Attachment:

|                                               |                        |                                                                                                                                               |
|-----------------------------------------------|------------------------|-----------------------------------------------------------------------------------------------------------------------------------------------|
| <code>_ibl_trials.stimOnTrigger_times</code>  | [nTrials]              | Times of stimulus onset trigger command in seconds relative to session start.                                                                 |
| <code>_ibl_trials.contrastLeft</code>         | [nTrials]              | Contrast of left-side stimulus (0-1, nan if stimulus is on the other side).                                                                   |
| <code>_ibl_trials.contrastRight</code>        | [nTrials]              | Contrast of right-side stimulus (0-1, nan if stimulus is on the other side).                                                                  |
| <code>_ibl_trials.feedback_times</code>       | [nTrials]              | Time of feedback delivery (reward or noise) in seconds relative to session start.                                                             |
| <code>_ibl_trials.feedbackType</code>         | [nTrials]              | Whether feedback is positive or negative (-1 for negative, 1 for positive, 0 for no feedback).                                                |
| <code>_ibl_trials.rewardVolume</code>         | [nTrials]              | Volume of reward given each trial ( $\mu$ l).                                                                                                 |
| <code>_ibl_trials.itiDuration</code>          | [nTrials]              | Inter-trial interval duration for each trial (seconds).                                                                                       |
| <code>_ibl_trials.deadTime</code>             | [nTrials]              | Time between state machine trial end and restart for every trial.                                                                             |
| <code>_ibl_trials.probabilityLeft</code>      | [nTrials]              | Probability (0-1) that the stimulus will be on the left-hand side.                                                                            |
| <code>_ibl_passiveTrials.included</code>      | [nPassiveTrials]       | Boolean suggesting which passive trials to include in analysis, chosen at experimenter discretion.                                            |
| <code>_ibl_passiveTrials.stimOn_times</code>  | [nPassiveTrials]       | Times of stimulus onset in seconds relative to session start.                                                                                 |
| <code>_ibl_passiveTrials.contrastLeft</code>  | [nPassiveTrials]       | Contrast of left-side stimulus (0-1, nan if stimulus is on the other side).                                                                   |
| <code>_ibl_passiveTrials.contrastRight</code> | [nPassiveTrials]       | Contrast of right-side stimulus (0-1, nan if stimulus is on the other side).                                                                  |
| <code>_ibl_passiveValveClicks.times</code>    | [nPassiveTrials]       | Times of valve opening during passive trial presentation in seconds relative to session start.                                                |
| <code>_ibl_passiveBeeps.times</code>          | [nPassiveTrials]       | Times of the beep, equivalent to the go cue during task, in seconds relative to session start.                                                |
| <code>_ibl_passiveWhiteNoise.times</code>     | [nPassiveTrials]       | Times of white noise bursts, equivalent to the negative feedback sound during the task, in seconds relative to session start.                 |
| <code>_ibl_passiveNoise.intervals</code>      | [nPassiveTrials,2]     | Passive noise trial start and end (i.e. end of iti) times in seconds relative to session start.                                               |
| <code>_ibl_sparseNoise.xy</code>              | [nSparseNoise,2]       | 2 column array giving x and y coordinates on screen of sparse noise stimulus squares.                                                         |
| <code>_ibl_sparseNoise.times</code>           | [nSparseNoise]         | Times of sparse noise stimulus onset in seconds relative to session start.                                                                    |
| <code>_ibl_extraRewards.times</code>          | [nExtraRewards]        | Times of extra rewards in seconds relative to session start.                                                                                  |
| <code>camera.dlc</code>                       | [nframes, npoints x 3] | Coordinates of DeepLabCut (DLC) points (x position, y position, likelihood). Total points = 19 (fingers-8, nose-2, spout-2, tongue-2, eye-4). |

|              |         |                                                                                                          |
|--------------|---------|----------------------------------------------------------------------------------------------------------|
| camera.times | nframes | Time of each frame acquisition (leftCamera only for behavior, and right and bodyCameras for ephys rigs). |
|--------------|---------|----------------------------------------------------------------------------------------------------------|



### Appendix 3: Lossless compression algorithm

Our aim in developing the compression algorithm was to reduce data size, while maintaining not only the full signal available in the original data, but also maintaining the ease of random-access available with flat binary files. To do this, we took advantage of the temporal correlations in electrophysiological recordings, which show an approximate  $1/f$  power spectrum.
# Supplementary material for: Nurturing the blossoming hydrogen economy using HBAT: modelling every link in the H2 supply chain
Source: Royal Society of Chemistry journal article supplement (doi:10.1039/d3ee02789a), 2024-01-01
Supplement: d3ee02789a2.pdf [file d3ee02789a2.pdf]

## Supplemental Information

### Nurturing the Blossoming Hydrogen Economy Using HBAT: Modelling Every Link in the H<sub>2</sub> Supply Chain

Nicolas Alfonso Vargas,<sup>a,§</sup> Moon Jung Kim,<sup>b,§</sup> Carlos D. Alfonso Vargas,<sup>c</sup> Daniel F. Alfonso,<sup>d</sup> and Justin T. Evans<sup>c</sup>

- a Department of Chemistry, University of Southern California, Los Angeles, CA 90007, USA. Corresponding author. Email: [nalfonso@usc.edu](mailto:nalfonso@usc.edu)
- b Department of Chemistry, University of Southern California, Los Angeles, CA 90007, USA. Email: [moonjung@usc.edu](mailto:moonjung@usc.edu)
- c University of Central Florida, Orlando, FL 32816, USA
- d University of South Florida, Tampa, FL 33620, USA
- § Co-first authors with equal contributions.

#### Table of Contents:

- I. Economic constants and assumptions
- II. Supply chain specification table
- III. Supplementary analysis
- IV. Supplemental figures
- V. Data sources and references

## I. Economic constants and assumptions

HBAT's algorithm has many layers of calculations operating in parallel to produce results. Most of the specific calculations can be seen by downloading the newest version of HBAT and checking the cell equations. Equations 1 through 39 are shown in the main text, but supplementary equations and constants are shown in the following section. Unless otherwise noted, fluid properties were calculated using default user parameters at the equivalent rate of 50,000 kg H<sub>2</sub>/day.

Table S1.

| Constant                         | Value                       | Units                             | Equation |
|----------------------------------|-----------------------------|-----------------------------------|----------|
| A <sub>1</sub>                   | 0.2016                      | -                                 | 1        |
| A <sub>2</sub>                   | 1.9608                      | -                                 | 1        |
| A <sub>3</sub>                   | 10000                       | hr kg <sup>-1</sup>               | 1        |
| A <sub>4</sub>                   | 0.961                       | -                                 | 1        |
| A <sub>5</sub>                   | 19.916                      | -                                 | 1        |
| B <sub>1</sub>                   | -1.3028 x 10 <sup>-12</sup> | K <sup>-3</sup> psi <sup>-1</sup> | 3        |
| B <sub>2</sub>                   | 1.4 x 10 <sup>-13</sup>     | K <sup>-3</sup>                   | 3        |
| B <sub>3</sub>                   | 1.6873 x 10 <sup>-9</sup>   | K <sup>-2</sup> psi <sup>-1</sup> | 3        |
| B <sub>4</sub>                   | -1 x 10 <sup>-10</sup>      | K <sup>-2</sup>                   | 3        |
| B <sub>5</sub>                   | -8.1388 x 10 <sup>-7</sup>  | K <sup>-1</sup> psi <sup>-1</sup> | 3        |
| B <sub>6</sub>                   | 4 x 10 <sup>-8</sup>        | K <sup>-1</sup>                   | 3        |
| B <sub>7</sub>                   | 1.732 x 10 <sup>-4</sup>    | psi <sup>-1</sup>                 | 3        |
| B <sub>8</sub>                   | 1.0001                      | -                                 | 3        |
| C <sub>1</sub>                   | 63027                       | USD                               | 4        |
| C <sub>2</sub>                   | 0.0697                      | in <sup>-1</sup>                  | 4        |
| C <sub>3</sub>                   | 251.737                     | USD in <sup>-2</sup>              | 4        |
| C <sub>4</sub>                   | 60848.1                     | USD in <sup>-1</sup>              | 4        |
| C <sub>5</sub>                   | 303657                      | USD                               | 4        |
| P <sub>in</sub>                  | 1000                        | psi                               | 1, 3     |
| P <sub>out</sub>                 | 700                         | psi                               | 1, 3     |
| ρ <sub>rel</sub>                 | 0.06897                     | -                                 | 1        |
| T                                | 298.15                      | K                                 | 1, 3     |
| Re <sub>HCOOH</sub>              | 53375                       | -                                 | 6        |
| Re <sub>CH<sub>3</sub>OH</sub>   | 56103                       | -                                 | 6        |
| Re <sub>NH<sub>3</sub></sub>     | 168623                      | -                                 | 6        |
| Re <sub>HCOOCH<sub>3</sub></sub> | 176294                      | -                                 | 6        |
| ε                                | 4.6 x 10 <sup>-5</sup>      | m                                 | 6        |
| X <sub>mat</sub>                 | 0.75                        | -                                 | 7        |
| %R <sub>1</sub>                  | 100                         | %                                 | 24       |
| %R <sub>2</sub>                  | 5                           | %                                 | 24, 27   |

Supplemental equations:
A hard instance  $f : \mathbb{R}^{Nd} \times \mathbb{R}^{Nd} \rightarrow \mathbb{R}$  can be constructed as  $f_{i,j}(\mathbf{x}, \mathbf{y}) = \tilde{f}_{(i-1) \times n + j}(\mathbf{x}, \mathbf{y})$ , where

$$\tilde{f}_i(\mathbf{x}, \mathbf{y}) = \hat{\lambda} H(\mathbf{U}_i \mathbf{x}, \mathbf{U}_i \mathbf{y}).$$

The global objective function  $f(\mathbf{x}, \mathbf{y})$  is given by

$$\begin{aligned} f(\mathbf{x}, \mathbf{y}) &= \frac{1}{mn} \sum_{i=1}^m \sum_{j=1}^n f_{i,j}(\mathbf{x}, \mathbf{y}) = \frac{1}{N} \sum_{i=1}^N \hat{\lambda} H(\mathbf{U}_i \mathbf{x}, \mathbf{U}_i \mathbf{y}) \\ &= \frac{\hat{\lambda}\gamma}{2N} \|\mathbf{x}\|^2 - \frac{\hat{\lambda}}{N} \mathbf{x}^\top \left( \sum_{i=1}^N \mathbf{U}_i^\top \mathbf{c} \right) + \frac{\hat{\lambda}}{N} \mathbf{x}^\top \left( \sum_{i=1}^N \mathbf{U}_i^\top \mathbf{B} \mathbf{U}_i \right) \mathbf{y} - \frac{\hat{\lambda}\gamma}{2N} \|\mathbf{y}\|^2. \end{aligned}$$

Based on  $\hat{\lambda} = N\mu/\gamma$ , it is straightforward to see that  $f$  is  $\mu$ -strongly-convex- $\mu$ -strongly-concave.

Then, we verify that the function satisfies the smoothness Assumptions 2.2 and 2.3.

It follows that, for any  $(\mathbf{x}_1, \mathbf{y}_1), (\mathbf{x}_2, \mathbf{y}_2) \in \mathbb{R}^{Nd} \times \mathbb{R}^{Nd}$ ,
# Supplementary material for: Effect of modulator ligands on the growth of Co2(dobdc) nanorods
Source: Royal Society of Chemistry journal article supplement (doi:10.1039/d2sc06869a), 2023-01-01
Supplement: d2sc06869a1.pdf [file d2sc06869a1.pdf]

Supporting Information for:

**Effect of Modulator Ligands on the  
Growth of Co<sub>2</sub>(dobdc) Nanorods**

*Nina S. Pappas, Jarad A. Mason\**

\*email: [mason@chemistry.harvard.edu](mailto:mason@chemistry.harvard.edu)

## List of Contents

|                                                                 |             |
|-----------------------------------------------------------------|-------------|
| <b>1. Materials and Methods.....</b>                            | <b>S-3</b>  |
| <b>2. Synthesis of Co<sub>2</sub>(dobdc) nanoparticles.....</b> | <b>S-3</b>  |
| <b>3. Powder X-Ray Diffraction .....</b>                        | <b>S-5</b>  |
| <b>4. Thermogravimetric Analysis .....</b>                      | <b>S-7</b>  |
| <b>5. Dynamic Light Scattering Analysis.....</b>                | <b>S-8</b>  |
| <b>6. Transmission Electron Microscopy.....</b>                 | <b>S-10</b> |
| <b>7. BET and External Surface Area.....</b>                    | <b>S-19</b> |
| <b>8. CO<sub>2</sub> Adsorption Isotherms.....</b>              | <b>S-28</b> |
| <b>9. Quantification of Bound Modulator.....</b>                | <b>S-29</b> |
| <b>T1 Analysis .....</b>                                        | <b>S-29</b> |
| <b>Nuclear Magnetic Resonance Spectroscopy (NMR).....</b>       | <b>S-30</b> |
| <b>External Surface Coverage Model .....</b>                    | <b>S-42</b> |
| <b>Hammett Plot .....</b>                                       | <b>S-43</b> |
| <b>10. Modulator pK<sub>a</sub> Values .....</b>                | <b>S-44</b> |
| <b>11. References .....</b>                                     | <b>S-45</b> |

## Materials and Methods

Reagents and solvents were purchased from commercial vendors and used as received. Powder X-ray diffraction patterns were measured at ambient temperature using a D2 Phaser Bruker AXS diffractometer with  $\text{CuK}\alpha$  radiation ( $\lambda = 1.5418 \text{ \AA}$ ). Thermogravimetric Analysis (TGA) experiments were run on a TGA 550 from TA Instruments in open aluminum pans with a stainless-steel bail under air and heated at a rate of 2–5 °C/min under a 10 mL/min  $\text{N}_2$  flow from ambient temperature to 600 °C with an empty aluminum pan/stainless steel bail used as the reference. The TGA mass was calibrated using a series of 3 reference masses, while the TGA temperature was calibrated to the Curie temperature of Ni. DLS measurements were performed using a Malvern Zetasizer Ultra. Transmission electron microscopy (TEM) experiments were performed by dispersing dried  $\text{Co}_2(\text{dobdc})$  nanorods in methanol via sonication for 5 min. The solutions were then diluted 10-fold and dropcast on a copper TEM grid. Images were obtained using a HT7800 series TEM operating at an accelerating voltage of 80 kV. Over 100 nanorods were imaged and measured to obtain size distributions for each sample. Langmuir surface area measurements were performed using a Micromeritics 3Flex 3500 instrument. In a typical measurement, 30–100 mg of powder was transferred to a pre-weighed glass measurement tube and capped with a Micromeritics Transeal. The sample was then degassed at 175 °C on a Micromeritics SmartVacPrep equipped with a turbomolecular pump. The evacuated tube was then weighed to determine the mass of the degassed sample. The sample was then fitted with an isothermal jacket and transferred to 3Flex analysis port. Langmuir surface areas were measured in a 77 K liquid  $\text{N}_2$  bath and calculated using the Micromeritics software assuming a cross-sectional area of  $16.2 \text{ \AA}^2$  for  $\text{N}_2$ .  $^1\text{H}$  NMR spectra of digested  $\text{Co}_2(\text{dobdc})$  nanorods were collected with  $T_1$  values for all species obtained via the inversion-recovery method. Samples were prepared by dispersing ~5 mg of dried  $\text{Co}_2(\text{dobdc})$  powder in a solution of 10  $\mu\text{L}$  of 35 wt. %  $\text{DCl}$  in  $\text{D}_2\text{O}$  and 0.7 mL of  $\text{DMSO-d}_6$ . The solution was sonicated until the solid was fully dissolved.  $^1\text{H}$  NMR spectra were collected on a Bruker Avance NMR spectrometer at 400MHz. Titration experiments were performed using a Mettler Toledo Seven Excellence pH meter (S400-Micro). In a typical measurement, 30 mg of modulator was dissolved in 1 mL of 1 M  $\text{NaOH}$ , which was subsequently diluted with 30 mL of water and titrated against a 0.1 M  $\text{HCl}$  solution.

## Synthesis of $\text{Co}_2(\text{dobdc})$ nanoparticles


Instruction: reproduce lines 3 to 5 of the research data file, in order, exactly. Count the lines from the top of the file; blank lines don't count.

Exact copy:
| <code>_ibl_trials.stimOnTrigger_times</code>  | [nTrials]              | Times of stimulus onset trigger command in seconds relative to session start.                                                                 |
| <code>_ibl_trials.contrastLeft</code>         | [nTrials]              | Contrast of left-side stimulus (0-1, nan if stimulus is on the other side).                                                                   |
| <code>_ibl_trials.contrastRight</code>        | [nTrials]              | Contrast of right-side stimulus (0-1, nan if stimulus is on the other side).                                                                  |